Cobb’s answer to officer exodus — a hiring binge

Digging Deep. Cobb County's public safety leaders have complained for more than two years to county leaders about the cost to Cobb taxpayers for the loss of hundreds of police officers in recent years to other jurisdictions. The Atlanta Journal-Constitution, using the state's Open Records Act, has been able to shed light on the depth of the problem. The AJC will continue following Cobb's solution to police staffing.

Former Cobb County public safety director Jack Forsythe resigned in frustration this year, convinced County Manager David Hankerson and Commission Chairman Tim Lee had no interest in helping the police staunch the exodus of officers leaving the department for better pay and benefits.

“I have come to realize that no matter what information I provide … you will continue to deny or take no action” to hire more officers, buy more vehicles and improve benefits, Forsythe wrote in his Jan. 6 resignation letter.

Seven months later, the county will finally begin addressing those issues when commissioners approve — as early as today — a $340 million general fund budget that increases police department spending by $3 million over the current year.

But fully staffing and equipping the department — which will require hiring and training 232 officers, along with buying 230 patrol cars — won’t be complete until January 2017, or just three months before the new Atlanta Braves stadium opens, according to a department improvement plan obtained by The Atlanta Journal-Constitution under Georgia’s Open Records Act.

The police department’s budget, as proposed in the fiscal 2015 budget, is $58 million.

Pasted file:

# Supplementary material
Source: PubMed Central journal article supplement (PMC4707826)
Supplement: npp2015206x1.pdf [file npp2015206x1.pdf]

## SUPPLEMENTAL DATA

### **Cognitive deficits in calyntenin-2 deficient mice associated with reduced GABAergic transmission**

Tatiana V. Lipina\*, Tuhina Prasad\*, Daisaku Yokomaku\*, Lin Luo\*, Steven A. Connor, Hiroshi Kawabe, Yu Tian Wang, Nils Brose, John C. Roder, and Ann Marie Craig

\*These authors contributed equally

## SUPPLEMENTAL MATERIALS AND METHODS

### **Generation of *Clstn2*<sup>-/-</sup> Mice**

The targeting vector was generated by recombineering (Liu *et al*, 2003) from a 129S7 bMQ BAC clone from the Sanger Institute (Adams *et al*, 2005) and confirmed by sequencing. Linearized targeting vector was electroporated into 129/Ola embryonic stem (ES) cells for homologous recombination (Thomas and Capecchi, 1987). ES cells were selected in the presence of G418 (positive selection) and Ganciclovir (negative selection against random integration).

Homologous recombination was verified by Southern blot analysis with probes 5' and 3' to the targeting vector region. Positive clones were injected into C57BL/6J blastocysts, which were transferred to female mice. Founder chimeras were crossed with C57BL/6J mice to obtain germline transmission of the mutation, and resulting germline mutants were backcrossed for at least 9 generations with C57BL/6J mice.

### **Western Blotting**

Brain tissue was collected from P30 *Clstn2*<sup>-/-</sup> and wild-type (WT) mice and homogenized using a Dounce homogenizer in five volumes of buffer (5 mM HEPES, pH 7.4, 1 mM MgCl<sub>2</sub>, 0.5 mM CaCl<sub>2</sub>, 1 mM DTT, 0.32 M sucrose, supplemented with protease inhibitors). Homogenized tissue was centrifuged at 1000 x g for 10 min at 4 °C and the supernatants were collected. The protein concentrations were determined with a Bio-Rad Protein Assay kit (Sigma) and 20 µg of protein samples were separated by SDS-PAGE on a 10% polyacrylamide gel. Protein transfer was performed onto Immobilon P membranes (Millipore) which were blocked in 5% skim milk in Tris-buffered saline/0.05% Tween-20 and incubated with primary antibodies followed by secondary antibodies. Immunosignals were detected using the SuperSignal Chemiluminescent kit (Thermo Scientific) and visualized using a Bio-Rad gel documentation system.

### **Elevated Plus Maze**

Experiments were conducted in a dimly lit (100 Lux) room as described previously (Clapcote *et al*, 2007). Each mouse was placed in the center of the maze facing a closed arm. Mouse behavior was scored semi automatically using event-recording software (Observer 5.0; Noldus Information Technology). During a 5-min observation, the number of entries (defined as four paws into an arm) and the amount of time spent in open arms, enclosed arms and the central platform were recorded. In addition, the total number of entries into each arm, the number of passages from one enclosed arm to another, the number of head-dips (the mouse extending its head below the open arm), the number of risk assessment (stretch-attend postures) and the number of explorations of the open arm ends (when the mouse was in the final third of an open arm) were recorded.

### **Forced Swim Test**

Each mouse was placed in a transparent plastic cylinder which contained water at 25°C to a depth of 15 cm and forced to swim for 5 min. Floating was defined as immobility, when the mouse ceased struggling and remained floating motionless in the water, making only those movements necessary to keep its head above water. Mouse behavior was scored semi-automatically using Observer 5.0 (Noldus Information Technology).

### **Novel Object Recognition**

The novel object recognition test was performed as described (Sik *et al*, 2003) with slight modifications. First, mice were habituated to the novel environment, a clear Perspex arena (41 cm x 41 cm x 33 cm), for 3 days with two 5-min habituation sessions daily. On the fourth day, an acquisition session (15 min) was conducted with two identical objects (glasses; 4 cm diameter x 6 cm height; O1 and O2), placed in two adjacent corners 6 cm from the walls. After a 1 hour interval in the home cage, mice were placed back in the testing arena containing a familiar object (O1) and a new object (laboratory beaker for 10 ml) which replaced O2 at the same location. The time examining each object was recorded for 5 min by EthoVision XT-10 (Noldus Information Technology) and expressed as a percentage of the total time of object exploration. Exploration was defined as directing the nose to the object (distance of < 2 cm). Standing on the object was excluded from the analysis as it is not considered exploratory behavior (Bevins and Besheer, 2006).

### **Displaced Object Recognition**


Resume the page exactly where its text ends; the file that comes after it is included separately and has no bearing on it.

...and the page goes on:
Lance LoRusso, general counsel for the Georgia Fraternal Order of Police, said it shouldn’t take 2 1/2 years to fully staff a department that the county’s public safety officials have described as in “crisis.” The department has lost 191 officers since 2011, including 71 last year and another 24 between February and July.

“If you look at the proposal Jack Forsythe made, this is exactly what he told them to do 18 months ago and they just ignored it,” LoRusso said. “Now they’re playing catch up.”

Public Safety Director Sam Heaton, who took over for Forsythe in February, said he thinks the proposed budget will go a long way toward solving the department’s high turnover rate. The department, at 577 officers, is currently is about 100 officers short of full strength.

“Some of the things we’re proposing levels the playing field and will help us retain the officers we have and draw others in,” Heaton said.

The AJC reported in February that Police Chief John Houser first mentioned the need for more officers, new vehicles and smarter scheduling in an October 2012 memo to Hankerson and Lee. After a year of inaction, Forsythe wrote a memo stating that the department did not have enough manpower during shift changes to respond to calls or provide backup on dangerous runs.

“This reduced ability … is a danger to our citizens and our officers,” Forsythe’s October 2013 memo says.

In all, the department’s problems were outlined in dozens of memorandums to Hankerson and Lee, up until Forsythe’s resignation.